We’re all familiar with the term Baby Boomer (1946 – 1964), Gen X (1965 – 1976) and Gen Y (1977 – 1995) - with the latter more commonly known as the Millennial - and we have a basic understanding of each, but what happens when you group these generations together under one corporate roof in a world predominately ruled by technology?
At the risk of generalising, computers have been and remain to be foreign to Baby Boomers. The adoption of technology seems to be more out of sufferance than passion or desire. I suspect that not having the advantage of being part of this revolution during the peak learning years (19-20 years old) has been a big setback. The converse is true for Millennials. They have grown up being surrounded by technology and digital devices from birth. I call this group “digital natives” because the learning curve has been through absorption rather than learning.
When referring to my own generation (Gen X) and Baby Boomers, I describe this group as ‘digital immigrants’ because, the introduction of technology meant having to learn something completely new and foreign. When I was in school computer class was often used as a chance to catch up on unfinished homework (or sleep). It was only after school that I really started to enjoy and understand the power of computers.
The natural progression of technology for personal and home use was only made easy after the launch of Apple’s iLife suite (iPhoto, iMovie, iDVD, iWeb and GarageBand) in 2002 touted the “Microsoft Office” for your home. This followed the introduction of smartphones. These handheld computers were revolutionised in January 2007 as Apple introduced iPhone and iOS (Apple’s operating system), catalysing an entirely new digital transition for digital immigrants to come to terms with.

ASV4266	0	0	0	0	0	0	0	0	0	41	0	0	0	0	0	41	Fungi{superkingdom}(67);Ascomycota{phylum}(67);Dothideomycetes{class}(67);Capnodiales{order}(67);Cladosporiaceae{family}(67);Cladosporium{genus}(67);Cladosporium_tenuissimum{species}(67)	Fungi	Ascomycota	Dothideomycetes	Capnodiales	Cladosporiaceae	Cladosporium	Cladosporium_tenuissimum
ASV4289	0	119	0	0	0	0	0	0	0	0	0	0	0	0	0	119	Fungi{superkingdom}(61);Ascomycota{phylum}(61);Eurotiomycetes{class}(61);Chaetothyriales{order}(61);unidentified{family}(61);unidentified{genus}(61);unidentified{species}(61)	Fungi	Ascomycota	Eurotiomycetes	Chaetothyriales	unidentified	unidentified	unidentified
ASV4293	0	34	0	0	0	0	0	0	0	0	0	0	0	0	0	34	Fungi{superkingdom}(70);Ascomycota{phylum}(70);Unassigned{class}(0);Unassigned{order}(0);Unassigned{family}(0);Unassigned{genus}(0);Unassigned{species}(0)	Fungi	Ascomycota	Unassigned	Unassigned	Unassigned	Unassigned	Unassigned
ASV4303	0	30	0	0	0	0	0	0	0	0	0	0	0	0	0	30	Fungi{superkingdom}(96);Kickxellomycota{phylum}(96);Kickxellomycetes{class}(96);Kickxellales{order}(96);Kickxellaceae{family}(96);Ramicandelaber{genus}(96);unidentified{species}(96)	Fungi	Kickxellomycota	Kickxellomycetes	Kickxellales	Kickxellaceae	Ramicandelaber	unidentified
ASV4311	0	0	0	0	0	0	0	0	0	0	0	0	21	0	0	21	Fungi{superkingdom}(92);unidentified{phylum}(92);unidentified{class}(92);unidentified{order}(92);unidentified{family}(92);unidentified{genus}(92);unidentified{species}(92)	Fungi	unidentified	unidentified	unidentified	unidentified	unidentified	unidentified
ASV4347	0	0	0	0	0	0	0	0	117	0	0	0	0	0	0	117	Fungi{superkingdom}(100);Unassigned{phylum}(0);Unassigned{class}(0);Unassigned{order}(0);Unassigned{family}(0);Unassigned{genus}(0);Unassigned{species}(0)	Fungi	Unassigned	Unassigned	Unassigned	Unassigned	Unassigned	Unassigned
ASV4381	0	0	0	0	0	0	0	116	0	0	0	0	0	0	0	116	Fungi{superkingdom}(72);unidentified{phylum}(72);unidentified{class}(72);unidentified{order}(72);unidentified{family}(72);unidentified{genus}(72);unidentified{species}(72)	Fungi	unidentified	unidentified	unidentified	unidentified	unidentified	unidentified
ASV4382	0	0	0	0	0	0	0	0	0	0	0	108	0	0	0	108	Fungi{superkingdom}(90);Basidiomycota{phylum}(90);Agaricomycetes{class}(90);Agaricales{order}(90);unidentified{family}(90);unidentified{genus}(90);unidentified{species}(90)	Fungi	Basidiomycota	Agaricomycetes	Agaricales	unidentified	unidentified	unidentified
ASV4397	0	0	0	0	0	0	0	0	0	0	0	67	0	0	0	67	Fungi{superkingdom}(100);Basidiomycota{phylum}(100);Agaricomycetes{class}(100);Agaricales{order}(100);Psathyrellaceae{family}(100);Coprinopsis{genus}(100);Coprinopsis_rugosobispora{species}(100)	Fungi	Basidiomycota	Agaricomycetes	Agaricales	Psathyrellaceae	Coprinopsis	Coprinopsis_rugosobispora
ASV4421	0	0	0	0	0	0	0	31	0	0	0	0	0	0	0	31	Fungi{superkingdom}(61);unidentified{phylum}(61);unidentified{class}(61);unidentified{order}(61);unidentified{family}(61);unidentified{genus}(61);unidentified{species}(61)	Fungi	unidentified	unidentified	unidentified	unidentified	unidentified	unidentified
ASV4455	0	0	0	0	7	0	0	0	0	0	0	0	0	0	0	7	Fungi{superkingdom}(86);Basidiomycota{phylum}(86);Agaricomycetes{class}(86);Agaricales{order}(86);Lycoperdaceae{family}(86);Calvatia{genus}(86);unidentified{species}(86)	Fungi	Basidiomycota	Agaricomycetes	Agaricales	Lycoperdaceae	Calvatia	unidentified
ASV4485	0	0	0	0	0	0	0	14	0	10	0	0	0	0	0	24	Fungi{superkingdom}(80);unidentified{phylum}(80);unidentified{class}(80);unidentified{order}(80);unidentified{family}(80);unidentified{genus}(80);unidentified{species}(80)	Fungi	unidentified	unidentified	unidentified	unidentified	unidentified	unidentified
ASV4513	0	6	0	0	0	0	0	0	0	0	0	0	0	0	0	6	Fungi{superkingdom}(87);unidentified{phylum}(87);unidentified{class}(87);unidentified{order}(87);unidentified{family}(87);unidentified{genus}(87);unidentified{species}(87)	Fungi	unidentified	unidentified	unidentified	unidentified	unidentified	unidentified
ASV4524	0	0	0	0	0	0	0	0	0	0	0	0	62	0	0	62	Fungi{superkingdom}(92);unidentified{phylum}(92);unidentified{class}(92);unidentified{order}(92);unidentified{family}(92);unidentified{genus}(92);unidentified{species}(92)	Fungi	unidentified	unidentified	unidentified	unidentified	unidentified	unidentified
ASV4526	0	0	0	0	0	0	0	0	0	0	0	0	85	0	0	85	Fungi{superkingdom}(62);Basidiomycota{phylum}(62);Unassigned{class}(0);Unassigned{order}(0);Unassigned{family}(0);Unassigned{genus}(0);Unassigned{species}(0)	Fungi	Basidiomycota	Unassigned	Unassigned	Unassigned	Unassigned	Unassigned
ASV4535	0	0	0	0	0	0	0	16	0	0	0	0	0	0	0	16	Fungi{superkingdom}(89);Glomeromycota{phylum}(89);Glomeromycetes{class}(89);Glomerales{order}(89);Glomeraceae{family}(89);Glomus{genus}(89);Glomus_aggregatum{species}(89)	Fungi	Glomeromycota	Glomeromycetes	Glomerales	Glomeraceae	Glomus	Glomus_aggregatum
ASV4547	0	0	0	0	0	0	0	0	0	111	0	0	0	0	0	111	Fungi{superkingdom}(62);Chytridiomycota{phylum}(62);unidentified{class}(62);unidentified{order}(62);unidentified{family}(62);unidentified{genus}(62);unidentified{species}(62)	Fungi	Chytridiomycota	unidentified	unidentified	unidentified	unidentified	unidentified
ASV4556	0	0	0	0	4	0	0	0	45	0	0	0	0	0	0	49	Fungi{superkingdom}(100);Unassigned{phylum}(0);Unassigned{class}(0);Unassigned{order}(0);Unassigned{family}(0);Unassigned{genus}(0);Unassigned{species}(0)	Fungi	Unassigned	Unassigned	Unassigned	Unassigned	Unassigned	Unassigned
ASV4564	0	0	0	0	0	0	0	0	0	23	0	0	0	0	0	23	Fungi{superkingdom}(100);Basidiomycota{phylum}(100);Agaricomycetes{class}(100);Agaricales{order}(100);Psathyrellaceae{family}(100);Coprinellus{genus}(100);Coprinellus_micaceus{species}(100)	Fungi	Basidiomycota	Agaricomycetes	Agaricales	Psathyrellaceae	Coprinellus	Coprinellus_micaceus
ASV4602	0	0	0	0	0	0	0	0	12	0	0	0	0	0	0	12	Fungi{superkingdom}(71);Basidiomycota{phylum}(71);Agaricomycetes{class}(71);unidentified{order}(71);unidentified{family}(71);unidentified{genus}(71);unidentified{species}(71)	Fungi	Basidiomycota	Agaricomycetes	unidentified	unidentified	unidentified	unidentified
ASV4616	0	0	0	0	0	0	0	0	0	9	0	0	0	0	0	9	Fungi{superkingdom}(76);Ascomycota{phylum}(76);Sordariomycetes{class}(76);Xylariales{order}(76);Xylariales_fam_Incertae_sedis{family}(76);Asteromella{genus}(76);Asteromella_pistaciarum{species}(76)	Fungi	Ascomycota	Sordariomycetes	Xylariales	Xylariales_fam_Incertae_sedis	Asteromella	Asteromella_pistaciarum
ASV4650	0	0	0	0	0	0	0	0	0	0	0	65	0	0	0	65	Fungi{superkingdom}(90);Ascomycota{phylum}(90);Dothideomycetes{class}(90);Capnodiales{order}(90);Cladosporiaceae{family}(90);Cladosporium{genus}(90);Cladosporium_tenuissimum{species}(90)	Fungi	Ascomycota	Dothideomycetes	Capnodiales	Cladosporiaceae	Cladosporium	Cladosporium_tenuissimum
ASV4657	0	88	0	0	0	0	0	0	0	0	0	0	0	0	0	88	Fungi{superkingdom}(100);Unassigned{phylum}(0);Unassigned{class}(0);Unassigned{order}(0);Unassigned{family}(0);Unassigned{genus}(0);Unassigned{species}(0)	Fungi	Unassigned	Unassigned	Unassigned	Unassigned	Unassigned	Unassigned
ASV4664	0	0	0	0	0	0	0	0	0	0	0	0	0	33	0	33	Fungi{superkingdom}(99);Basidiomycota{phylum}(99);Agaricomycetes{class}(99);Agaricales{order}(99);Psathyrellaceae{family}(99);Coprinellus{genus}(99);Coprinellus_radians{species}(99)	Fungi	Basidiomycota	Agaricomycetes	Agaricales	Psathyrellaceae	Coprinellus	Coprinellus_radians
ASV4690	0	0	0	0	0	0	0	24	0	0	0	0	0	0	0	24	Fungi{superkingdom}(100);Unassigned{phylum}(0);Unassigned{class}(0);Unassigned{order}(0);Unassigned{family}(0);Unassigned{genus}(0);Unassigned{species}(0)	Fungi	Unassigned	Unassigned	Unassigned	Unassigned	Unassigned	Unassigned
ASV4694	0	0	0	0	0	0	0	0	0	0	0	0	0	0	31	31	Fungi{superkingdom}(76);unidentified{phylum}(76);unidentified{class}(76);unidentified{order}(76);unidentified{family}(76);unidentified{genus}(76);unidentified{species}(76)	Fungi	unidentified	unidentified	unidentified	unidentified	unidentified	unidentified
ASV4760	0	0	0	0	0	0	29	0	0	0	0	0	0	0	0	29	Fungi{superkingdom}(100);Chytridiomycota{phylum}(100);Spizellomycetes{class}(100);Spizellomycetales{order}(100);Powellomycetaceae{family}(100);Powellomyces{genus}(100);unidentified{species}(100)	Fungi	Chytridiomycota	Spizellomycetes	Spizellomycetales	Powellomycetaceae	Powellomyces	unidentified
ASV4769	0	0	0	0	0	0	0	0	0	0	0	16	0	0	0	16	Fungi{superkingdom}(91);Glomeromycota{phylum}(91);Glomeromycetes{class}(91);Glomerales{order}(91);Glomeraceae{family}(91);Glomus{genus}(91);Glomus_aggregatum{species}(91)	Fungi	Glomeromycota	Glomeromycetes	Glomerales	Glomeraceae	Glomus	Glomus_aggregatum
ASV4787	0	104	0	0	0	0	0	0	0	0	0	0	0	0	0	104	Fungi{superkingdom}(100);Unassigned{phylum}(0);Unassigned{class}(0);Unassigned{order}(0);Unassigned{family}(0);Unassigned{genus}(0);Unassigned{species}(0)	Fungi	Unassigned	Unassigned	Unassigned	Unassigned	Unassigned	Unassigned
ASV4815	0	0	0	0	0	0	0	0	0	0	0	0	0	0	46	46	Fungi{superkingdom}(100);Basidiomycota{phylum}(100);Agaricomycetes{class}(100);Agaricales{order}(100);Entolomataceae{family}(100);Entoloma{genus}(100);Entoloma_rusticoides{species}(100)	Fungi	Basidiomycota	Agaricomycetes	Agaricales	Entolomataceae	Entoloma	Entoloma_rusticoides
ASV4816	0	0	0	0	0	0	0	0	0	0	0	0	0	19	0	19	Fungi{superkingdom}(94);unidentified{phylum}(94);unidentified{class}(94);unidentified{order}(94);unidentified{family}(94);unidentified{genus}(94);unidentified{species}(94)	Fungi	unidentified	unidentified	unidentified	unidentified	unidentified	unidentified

In addition to a shift in personal use, this also leads to a new way of working. Today, the workplace consists of individuals from all walks of life. As a business owner, you need to know the possible pros and cons of each generation in terms of working style, and ease of technological adoption.
There are many factors to consider when operating a business with a multi-generational staff contingent.
The direct link between access to information and ability to learn is having a significant and unique impact. Millennials are constantly bombarded with information and coupled with the retention and understanding of this information results in an increase in the pace of change. This increase in the pace of change is becoming increasingly difficult for Baby Boomers and Gen X to be able to keep up with. The net result of this is that the world is becoming a Millennial world at an increasing rate – a transition which is faster than we have ever experienced before.
Below are guidelines as to how one should go about managing a diverse generational workforce:
1. There is no one-size-fits-all approach
Traditionally, Baby Boomers have shown a tendency to stay with a company for most of their working life. However, as the years progress, individuals are exposed to different upbringings and, Millennials in particular, tend to be more focused on making career moves that will accelerate their career growth at a more rapid pace. This often leads to what many term ‘job hopping.’
There is no longer a traditional career path, “and in order to retain young talent, managers need to adjust development and training programmes to ensure there is regular growth and continuous career challenges.”
2. Difference in learning styles
Millennials are constantly looking for clear, continuous feedback and structured reviews. This differs when it comes to Baby Boomers and Gen Xers who are more familiar with a traditional work structure and work scope – often not requiring praise for a job well done. Leaders in a business need to recognise that different review structures and management styles are necessary when introducing younger talent to the business.
3. Be aware of the differences and embrace them
While Millennials are providing a fresh injection of ideas, creativity and technological solutions, it does not mean that previous generations are no longer contributing to the company. It needs to be made clear to employees where their strengths and weaknesses lie. A Millennial will not have the industry knowledge compared to that of a Baby Boomer or Gen X individual, whereas a Baby Boomer might be lacking in technological adoption. It is our job as leaders to ensure strengths and weaknesses are acknowledged and can be leveraged off one another.
The only way that businesses will survive is to adapt to this new way of working and be flexible enough to respond to the inevitable rapid changes ahead.
Robin Olivier is the Managing Director at Digicape.